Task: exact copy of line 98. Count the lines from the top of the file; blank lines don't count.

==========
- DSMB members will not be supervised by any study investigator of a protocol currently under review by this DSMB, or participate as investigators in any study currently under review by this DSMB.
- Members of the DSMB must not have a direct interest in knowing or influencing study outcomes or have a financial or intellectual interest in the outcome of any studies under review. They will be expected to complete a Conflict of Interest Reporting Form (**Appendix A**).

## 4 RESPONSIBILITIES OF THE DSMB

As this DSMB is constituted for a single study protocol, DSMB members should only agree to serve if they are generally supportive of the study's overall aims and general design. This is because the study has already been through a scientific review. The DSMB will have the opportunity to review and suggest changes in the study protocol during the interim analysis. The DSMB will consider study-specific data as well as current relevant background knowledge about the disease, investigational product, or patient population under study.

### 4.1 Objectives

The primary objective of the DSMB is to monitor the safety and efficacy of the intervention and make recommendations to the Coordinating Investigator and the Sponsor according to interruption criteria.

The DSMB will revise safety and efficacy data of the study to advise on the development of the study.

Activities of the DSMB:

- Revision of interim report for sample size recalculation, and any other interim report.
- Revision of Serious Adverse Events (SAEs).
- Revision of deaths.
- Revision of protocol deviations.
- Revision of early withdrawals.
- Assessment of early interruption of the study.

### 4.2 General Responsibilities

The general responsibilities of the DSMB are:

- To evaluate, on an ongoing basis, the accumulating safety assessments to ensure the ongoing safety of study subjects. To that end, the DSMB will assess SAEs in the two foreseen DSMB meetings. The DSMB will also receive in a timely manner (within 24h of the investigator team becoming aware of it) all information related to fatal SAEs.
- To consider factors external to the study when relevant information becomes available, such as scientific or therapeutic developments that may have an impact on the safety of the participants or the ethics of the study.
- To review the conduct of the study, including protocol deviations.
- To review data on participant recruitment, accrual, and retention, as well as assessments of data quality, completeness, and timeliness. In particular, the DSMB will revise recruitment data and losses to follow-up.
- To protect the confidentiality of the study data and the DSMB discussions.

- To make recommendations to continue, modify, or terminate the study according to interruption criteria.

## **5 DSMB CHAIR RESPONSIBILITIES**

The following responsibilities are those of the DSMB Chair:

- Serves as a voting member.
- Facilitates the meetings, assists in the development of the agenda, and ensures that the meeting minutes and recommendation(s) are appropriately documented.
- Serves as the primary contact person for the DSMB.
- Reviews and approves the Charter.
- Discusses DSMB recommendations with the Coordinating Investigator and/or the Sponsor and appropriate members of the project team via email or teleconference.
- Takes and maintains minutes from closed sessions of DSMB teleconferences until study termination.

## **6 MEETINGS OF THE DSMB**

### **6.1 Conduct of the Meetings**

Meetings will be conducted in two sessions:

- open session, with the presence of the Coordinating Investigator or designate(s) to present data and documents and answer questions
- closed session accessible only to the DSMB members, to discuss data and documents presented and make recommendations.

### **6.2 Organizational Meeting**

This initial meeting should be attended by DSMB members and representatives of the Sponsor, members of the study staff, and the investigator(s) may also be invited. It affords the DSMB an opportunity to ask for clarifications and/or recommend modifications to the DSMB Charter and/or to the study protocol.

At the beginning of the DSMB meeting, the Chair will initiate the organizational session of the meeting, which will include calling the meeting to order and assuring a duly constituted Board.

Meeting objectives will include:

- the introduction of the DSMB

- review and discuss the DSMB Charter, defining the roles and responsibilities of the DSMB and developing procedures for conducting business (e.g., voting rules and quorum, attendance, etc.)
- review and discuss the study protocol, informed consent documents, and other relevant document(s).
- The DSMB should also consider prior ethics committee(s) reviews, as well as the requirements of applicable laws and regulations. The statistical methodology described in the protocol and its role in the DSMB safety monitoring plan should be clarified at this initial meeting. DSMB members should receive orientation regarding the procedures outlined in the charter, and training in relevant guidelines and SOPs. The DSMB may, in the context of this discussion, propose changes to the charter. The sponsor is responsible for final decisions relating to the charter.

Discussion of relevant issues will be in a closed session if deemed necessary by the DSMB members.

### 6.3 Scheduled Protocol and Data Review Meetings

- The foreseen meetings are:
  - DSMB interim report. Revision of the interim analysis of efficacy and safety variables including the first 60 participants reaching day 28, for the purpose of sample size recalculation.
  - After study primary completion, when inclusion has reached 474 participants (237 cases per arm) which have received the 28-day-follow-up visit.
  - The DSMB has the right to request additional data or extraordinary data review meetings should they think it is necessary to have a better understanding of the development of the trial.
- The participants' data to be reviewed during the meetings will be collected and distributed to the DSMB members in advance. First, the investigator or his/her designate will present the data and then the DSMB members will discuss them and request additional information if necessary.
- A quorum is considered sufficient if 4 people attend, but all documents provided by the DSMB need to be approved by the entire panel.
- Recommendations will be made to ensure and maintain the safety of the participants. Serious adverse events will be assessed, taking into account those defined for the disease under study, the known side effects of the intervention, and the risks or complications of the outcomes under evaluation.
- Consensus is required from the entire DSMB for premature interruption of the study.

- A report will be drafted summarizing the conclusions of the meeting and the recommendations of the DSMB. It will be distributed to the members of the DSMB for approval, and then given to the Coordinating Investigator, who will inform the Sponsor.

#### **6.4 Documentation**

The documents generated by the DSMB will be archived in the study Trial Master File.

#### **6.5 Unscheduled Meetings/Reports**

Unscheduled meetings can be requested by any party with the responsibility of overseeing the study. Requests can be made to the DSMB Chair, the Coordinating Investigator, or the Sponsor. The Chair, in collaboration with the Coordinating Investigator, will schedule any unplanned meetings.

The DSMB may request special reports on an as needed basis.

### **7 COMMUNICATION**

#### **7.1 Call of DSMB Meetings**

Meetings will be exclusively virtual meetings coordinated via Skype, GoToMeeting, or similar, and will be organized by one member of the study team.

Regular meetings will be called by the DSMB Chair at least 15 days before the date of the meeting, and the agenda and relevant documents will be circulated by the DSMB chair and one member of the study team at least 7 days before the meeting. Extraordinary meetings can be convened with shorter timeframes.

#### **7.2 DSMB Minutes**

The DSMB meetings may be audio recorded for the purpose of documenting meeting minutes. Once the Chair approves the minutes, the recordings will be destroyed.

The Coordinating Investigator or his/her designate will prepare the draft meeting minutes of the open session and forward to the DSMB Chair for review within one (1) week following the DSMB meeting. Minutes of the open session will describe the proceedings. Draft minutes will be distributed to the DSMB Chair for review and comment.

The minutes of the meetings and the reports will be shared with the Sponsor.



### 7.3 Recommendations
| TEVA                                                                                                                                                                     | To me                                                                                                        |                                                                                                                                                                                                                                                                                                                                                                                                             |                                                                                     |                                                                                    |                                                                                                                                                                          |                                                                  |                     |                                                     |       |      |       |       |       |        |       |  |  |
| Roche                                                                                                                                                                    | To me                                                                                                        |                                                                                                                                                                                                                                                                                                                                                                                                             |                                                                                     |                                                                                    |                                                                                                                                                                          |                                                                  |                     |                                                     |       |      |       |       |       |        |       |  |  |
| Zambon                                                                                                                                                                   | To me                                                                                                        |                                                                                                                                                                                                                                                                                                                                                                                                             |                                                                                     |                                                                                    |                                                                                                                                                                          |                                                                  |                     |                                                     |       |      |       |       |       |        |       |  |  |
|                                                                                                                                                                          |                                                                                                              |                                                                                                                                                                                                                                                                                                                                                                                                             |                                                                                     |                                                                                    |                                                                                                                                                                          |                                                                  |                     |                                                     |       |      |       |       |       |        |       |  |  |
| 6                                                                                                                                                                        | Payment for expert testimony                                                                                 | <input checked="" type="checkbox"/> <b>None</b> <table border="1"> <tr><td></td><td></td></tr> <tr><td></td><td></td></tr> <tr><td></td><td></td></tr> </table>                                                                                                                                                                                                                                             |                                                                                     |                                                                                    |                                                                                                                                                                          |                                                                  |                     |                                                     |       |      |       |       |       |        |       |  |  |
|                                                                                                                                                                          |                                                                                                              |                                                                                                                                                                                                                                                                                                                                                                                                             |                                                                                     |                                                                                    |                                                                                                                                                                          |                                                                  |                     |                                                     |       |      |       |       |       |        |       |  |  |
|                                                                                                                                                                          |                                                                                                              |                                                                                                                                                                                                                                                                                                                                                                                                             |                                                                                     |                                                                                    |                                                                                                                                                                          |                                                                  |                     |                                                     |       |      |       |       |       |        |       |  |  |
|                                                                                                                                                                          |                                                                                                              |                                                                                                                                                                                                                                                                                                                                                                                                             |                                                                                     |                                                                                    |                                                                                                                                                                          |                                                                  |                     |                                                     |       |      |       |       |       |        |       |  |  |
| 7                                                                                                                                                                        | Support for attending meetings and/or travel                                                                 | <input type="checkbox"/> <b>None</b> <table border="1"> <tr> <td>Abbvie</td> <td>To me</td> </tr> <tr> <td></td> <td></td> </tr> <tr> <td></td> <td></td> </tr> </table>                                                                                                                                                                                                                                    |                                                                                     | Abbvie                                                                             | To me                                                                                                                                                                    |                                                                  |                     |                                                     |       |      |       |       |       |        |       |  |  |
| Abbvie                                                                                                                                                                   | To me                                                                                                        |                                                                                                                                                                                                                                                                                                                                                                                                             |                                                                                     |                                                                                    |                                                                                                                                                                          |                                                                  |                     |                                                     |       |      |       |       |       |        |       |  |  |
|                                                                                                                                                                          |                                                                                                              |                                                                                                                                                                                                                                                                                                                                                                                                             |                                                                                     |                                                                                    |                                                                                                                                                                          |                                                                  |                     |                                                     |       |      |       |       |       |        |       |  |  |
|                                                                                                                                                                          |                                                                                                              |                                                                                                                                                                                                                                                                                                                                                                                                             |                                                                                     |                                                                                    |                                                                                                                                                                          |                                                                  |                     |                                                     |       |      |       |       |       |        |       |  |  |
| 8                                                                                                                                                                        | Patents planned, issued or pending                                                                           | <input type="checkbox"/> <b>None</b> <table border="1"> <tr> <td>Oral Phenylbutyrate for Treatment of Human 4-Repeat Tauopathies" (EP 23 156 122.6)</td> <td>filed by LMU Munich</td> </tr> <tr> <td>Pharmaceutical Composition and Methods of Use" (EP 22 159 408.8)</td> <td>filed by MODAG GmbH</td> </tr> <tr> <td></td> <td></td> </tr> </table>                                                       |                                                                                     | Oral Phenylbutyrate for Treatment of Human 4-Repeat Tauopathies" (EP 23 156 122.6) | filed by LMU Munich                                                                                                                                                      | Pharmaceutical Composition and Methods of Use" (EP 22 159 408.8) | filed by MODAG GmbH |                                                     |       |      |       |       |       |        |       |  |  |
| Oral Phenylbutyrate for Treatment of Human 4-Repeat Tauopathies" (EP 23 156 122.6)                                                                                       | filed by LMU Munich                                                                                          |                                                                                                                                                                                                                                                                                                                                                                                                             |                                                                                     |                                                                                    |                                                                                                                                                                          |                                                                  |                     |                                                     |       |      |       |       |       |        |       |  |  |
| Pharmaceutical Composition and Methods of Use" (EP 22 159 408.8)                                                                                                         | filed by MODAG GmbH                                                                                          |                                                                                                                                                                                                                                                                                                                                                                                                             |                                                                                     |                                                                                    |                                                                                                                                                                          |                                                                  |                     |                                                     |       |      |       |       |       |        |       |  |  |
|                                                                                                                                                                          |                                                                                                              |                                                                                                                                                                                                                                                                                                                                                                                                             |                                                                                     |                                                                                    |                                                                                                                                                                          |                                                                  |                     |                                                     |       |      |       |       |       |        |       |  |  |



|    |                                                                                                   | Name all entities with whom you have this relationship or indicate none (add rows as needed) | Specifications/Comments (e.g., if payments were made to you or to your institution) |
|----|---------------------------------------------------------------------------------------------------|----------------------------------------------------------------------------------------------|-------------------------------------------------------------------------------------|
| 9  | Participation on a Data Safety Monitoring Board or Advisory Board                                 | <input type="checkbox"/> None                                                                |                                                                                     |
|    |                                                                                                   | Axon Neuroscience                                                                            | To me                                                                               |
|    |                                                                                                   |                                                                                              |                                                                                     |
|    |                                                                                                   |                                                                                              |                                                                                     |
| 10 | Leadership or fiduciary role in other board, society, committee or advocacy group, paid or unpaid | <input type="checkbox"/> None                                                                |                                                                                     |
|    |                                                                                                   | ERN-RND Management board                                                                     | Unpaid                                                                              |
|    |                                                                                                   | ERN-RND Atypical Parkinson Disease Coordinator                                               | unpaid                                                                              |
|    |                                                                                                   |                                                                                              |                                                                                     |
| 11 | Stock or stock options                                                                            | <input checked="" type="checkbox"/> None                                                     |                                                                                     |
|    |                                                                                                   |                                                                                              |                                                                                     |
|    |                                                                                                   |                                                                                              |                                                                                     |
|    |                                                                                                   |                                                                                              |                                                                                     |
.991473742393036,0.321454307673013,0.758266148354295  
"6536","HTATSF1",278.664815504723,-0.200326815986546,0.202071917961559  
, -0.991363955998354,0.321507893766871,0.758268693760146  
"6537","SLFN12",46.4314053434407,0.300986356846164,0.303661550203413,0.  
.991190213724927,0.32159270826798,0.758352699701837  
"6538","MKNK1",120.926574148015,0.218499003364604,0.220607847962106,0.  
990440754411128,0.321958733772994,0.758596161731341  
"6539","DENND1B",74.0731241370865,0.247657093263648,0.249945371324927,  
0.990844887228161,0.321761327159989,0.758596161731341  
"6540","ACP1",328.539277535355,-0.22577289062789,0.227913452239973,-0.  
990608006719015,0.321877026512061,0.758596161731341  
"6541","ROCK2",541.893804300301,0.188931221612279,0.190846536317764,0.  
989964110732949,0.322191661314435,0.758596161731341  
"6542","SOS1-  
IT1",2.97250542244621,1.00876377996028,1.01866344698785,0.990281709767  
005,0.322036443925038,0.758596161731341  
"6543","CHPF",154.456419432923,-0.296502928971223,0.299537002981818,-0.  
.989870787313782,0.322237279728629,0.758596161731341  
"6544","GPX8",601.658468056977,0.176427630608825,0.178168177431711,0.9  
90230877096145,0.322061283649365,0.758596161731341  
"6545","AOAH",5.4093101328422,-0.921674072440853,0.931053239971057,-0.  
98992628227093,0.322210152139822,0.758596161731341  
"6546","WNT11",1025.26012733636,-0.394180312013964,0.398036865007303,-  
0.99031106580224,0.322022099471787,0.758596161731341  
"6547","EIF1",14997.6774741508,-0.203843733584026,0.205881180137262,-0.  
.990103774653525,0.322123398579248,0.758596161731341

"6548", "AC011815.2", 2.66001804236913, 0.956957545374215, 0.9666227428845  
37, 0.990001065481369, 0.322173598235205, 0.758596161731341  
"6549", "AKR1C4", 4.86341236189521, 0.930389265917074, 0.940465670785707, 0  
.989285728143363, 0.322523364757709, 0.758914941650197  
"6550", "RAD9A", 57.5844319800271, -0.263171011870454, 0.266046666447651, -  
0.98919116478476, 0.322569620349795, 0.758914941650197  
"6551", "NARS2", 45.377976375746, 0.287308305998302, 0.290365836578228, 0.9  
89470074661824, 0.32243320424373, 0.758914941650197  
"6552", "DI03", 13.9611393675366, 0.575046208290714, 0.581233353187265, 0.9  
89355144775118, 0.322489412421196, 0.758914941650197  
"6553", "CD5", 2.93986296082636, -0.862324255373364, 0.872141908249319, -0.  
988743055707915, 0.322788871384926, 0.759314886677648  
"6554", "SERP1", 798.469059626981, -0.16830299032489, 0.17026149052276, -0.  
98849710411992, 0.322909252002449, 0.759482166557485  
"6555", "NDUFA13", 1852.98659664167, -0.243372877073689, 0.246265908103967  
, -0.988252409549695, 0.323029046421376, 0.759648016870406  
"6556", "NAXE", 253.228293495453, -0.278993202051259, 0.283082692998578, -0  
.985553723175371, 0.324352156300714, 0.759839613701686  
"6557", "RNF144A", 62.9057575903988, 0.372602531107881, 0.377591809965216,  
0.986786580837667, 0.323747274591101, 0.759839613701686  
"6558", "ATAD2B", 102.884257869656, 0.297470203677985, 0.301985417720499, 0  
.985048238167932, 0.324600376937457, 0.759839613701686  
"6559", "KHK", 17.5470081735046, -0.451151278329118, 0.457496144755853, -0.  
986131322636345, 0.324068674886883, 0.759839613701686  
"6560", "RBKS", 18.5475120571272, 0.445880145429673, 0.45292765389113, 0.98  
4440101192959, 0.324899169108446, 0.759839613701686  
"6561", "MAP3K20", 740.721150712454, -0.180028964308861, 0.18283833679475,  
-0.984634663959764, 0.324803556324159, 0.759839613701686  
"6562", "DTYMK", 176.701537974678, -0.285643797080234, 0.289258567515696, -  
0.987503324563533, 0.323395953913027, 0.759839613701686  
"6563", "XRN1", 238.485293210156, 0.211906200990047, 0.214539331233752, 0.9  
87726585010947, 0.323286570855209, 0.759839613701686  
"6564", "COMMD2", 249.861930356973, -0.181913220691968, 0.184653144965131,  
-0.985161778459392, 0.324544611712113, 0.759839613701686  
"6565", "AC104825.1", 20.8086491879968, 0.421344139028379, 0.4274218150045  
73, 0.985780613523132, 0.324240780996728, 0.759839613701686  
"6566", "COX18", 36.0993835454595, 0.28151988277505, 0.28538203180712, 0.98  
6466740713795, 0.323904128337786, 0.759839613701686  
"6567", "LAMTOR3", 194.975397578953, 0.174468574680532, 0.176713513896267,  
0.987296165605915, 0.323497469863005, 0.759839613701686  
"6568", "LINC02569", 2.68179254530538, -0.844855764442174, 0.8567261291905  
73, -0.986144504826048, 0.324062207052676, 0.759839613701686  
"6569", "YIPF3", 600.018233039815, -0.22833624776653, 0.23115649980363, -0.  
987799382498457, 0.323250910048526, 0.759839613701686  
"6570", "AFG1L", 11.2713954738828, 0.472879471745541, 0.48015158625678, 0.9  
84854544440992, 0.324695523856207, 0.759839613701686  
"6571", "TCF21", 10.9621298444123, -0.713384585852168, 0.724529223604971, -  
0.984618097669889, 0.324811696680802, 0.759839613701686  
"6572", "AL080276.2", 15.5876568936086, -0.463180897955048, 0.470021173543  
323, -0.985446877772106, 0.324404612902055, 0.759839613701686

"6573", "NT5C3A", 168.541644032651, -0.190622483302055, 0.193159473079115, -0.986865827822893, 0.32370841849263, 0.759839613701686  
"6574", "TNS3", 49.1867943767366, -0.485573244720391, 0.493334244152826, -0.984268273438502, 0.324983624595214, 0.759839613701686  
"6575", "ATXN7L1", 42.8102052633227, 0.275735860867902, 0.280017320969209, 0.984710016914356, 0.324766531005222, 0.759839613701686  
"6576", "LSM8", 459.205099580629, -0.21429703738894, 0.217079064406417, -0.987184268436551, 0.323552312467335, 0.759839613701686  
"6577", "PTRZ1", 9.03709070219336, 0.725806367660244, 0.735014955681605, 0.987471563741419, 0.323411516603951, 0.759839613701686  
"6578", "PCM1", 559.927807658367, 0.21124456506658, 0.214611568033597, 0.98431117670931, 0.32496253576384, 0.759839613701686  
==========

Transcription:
|    |                                                                                                   |                                                                                              |                                                                                     |